Print

There are several daily newspapers in Ireland, including the Irish Independent, The Irish Examiner, The Irish Times, The Star, The Evening Herald, Daily Ireland, the Irish Sun, and the Irish language Lá Nua. The best selling of these is the Irish Independent, which is published in both tabloid and broadsheet form. The Irish Times is Ireland's newspaper of record.

The Sunday market is quite saturated with many British publications. The leading Sunday newspaper in terms of circulation is The Sunday Independent. Other popular papers include The Sunday Times, The Sunday Tribune, The Sunday Business Post, Ireland on Sunday and the Sunday World.

There are quite a large number of local weekly newspapers, with most counties and large towns having two or more newspapers. Curiously Dublin remains one of the few places in Ireland without a major local paper since the Dublin Evening Mail closed down in the 1960s. In 2004 the Dublin Daily was launched, but failed to attract enough readers to make it viable.

One major criticism of the Irish newspaper market is the strong position Independent News & Media has on the market. It controls the Evening Herald, Irish Independent, Sunday Independent, Sunday World and The Star as well as holding a large stake in the cable company Chorus, and indirectly controlling The Sunday Tribune. The Independent titles are perceived by many Irish republicans as having a pro-British stance. In parallel to this, the Independent titles are perceived by many opposition supporters as being pro Fianna Fáil[citation needed].

The Irish magazine market is one of the world's most competitive, with hundreds of international magazines available in Ireland, ranging from Time and The Economist to Hello! and Reader's Digest. This means that domestic titles find it very hard to retain readership. Among the best-selling Irish magazines are the RTÉ Guide, Ireland's Eye, Irish Tatler, VIP, Phoenix and In Dublin.

Radio

The first known radio transmission in Ireland was a call to arms made from the General Post Office in O'Connell Street during the Easter Rising. The first official radio station on the island was 2BE Belfast, which began broadcasting in 1924. This was followed in 1926 by 2RN Dublin and 6CK Cork in 1927. 2BE Belfast later became BBC Radio Ulster and 2RN Dublin became RTÉ. The first commercial radio station in the Republic, Century Radio, came on air in 1989.

During the 1990s and particularly the early 2000s, dozens of local radio stations have gained licences. This has resulted in a fragmentation of the radio broadcast market. This trend is most noticeable in Dublin where there are now 6 private licenced stations in operation.

Television

While some areas of Ireland received signal from Wales earlier, BBC Northern Ireland began broadcasting television programmes in 1959 and RTÉ Television opened in 1961. Teilifís na Gaeilge (TnaG), now called TG4, started its Irish language service in 1996 and commercial television arrived when TV3 began broadcasting in 1998.

British and satellite-carried international television channels have widespread audiences in Ireland. The BBC and ITV families of channels are available free to air across the island of Ireland and there is widespread availability of the four main UK channels (BBC1, BBC2, ITV1 and Channel Four) but only limited coverage from Five. Sky One, E4, and several hundred satellite channels are widely available. Parts of Ireland can access the UK digital TV system Freeview.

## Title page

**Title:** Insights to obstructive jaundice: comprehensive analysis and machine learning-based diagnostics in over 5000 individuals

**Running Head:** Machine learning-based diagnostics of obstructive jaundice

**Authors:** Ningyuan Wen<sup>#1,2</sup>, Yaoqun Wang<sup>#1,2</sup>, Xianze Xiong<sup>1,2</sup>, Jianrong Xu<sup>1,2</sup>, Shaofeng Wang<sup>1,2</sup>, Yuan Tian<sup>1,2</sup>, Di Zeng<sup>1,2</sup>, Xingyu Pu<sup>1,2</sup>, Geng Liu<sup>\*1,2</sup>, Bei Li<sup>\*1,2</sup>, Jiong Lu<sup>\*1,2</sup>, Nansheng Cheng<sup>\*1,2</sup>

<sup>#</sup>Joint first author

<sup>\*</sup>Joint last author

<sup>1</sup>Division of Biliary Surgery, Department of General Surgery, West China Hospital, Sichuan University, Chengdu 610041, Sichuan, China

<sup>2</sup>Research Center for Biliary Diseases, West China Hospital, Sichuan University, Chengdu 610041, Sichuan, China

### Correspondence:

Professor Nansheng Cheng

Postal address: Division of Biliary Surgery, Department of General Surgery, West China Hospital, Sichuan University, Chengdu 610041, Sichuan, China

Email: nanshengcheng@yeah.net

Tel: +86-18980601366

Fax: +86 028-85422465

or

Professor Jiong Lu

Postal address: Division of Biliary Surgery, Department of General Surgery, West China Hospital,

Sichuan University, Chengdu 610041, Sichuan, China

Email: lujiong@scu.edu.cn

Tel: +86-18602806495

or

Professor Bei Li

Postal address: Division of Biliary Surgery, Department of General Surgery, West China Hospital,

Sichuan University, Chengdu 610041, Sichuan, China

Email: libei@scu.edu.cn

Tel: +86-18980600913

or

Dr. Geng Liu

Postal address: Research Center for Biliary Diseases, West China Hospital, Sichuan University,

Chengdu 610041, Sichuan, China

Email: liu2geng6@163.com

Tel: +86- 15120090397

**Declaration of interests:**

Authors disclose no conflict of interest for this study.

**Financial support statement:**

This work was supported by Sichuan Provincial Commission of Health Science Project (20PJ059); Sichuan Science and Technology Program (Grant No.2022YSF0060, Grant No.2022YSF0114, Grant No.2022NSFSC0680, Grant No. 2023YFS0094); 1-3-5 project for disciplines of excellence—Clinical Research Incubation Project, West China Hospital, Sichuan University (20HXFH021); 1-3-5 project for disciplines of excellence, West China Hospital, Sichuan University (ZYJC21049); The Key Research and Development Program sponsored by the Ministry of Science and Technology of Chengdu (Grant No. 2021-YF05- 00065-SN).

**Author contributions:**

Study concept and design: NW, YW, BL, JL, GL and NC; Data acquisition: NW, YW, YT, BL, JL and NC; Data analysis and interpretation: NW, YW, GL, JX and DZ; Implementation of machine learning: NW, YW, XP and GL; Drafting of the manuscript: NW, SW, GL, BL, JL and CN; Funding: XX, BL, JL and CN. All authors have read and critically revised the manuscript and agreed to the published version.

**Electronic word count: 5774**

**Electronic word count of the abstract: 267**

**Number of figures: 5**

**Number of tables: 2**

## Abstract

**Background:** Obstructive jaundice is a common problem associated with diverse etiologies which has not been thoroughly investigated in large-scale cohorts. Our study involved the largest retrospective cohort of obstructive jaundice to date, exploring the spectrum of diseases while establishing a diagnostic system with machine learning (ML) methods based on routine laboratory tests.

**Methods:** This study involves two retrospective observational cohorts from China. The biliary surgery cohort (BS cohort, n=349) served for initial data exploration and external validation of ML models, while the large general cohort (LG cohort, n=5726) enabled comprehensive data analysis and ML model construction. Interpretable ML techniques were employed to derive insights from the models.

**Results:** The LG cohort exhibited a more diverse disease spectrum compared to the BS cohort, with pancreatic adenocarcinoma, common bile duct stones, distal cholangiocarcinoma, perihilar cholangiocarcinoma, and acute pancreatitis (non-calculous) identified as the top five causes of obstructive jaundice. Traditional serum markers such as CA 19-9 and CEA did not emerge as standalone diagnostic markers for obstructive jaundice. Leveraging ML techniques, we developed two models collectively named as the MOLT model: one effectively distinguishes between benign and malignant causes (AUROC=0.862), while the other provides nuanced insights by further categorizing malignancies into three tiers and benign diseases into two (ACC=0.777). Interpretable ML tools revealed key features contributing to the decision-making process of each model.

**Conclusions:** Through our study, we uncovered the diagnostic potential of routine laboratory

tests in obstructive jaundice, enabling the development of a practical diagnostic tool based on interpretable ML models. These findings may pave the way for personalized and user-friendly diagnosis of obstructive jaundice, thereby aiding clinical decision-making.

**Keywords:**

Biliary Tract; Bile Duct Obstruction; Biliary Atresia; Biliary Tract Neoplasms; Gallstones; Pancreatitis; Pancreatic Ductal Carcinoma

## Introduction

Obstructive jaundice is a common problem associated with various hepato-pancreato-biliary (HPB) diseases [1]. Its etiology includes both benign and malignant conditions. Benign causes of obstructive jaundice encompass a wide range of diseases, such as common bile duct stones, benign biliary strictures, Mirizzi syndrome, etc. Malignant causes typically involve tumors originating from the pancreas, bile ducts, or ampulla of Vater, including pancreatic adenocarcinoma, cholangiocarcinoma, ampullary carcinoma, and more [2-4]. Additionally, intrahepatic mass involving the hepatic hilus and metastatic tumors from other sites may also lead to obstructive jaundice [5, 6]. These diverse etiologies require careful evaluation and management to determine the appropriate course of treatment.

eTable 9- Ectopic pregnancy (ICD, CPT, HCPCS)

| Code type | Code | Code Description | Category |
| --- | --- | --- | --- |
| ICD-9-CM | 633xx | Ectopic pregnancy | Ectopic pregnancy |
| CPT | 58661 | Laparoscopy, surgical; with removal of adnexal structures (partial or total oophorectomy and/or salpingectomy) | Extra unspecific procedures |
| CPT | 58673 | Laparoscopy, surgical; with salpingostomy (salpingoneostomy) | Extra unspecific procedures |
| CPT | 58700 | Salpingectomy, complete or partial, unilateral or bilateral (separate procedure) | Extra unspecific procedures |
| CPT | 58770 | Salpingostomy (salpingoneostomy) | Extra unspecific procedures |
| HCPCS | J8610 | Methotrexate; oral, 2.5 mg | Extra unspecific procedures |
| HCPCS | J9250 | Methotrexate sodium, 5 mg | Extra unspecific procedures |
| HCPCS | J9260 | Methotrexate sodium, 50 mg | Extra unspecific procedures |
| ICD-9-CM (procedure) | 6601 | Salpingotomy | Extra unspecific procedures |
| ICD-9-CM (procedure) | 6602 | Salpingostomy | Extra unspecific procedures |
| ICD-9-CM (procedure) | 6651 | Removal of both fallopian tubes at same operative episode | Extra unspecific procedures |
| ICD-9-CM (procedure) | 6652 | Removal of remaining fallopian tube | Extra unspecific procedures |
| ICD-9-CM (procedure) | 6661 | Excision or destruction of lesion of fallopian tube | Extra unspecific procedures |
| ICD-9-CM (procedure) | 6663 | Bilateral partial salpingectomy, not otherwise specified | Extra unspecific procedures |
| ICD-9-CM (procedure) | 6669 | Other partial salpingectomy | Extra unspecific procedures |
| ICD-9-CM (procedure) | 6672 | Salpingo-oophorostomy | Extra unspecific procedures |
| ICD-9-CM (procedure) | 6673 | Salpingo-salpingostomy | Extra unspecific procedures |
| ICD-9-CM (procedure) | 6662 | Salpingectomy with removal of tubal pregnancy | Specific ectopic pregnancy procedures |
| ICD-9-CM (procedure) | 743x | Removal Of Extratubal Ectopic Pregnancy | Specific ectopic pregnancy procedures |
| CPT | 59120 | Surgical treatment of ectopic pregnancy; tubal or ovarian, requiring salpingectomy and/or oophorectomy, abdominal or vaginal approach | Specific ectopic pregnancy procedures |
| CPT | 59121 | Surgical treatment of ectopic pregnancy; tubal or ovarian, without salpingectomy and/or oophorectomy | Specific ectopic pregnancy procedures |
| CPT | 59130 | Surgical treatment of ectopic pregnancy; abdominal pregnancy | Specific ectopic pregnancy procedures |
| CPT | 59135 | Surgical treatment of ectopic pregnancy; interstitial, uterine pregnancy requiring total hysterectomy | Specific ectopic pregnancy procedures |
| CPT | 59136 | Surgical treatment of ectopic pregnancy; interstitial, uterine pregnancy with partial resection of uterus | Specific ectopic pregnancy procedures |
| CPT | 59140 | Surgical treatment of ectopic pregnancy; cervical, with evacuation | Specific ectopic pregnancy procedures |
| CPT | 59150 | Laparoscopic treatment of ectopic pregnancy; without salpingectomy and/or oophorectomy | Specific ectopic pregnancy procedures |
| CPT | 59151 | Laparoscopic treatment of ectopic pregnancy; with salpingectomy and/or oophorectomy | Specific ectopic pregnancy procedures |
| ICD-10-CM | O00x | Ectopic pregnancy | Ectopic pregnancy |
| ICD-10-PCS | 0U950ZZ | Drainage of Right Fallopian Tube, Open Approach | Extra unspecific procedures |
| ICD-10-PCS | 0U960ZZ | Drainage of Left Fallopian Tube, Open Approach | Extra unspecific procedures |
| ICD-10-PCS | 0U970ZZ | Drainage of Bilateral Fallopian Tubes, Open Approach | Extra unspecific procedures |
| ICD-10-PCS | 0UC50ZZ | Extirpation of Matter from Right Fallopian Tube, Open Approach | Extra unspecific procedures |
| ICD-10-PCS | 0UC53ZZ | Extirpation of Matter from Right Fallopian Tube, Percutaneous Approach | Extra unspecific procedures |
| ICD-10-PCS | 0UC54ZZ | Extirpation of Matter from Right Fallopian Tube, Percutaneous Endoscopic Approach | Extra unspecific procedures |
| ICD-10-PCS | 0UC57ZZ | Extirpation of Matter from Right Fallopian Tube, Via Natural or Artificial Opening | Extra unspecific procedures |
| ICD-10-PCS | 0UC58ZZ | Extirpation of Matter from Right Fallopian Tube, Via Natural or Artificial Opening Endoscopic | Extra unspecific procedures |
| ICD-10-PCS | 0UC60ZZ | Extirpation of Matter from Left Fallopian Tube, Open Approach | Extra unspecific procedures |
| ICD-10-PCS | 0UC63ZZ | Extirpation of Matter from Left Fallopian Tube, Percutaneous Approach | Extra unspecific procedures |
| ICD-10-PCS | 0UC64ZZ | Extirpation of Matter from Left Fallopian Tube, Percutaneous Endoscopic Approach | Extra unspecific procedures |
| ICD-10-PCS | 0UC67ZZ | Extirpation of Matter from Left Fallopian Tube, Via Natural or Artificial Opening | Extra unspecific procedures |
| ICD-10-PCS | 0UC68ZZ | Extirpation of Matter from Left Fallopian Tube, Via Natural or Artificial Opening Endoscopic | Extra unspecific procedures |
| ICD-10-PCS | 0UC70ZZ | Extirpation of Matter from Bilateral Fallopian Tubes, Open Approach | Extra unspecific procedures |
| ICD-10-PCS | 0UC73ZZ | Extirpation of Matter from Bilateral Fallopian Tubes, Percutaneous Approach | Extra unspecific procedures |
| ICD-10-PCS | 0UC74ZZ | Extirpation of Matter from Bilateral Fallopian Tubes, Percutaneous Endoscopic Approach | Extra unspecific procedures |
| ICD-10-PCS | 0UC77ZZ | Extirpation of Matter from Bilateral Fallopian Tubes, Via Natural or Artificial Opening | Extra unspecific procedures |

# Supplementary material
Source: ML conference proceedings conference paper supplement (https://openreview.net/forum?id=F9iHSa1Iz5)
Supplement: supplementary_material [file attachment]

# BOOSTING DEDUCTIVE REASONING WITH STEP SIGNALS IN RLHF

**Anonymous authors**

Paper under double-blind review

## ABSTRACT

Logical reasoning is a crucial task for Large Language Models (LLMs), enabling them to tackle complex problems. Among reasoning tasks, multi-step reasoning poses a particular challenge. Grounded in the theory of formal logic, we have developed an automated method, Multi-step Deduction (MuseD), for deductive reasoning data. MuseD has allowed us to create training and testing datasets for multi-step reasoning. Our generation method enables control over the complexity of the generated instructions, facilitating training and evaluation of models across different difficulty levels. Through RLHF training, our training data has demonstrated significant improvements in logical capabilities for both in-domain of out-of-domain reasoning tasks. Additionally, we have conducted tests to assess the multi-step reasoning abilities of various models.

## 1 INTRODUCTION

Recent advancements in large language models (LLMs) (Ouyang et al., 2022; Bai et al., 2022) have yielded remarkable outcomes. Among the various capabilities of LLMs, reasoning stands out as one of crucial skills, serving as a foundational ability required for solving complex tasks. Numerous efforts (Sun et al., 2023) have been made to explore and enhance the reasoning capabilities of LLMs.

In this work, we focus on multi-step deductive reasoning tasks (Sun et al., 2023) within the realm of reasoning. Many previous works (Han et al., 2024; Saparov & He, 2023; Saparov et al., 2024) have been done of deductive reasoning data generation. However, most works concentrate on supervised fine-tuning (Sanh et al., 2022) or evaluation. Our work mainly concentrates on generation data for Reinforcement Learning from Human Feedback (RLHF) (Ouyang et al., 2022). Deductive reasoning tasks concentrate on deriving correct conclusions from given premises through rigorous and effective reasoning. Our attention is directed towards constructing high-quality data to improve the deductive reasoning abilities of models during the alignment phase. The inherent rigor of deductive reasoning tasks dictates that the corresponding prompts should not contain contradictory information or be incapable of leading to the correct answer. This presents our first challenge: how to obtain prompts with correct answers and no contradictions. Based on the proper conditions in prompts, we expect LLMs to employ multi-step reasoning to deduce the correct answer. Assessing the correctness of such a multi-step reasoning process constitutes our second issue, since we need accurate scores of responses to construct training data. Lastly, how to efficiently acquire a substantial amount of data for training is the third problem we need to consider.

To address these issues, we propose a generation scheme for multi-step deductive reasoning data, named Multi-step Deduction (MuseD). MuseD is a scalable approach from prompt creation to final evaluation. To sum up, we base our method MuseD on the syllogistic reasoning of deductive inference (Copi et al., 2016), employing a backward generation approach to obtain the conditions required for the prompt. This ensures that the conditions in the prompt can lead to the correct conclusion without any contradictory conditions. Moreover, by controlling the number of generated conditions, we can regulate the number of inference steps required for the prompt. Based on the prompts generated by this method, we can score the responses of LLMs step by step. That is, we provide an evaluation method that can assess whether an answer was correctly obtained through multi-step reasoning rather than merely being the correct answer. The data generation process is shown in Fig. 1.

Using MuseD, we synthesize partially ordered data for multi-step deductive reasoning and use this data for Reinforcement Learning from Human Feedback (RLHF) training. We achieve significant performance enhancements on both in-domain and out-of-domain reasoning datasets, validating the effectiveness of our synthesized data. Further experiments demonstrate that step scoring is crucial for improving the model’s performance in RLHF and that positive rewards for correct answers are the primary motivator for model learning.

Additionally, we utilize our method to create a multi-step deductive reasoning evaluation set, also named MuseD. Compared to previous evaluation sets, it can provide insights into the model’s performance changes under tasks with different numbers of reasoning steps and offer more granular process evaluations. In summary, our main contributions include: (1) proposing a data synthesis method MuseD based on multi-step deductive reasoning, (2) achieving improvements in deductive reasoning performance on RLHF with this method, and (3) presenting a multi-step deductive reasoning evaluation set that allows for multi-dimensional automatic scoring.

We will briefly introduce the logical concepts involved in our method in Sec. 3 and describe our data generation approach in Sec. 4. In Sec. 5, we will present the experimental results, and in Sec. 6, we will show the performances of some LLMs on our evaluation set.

Film

The Irish Film industry has grown rapidly in recent years thanks largely to the promotion of the sector by Bord Scannán na hÉireann (The Irish Film Board)[7] and the introduction of generous tax breaks. Some of the most successful Irish films included Intermission (2001), Man About Dog (2004), Michael Collins (1996), Angela's Ashes (1999) and The Commitments (1991).

Ireland has also proved a popular location for shooting films with The Quiet Man (1952), Saving Private Ryan (1998), Braveheart (1995), King Arthur (2004) and P.S. I Love You (2007) all being shot in Ireland.

Sport

Sport in Ireland is popular and widespread. Throughout the country a wide variety of sports are played, the most popular being Gaelic football, hurling, rugby union, soccer and hockey. Gaelic football is the most popular sport in Ireland in terms of match attendance and community involvement, and represents 34% of total sports attendances at events in Ireland and abroad, followed by hurling at 23%, soccer at 16% and rugby at 8%.[8] and the All-Ireland Football Final is the most watched event in Ireland's sporting calendar.[9] Swimming, golf, aerobics, soccer, cycling, Gaelic football and billiards/snooker are the sporting activities with the highest levels of playing participation.[10] Soccer is the most popular sport involving national teams.

In Ireland many sports, such as rugby union, Gaelic football and hurling, are organised in an all-island basis, with a single team representing Ireland in international competitions. Other sports, such as soccer, have separate organising bodies in Northern Ireland and the Republic of Ireland. At the Olympics, a person from Northern Ireland can choose to represent either the Great Britain and Northern Ireland team or the Ireland team.

See also

References

  • Mitchell, Frank and Ryan, Michael. Reading the Irish landscape (1998). ISBN 1-86059-055-1
  • National Museum of Ireland. Viking and Medieval Dublin: National Museum Excavations, 1962 - 1973 (1973).
  • R. Comerford, Ireland Inventing the Nation. (Hodder Books, 2003).

External links


Advertisements






Got something to say? Make a comment.
Your name
Your email address
Message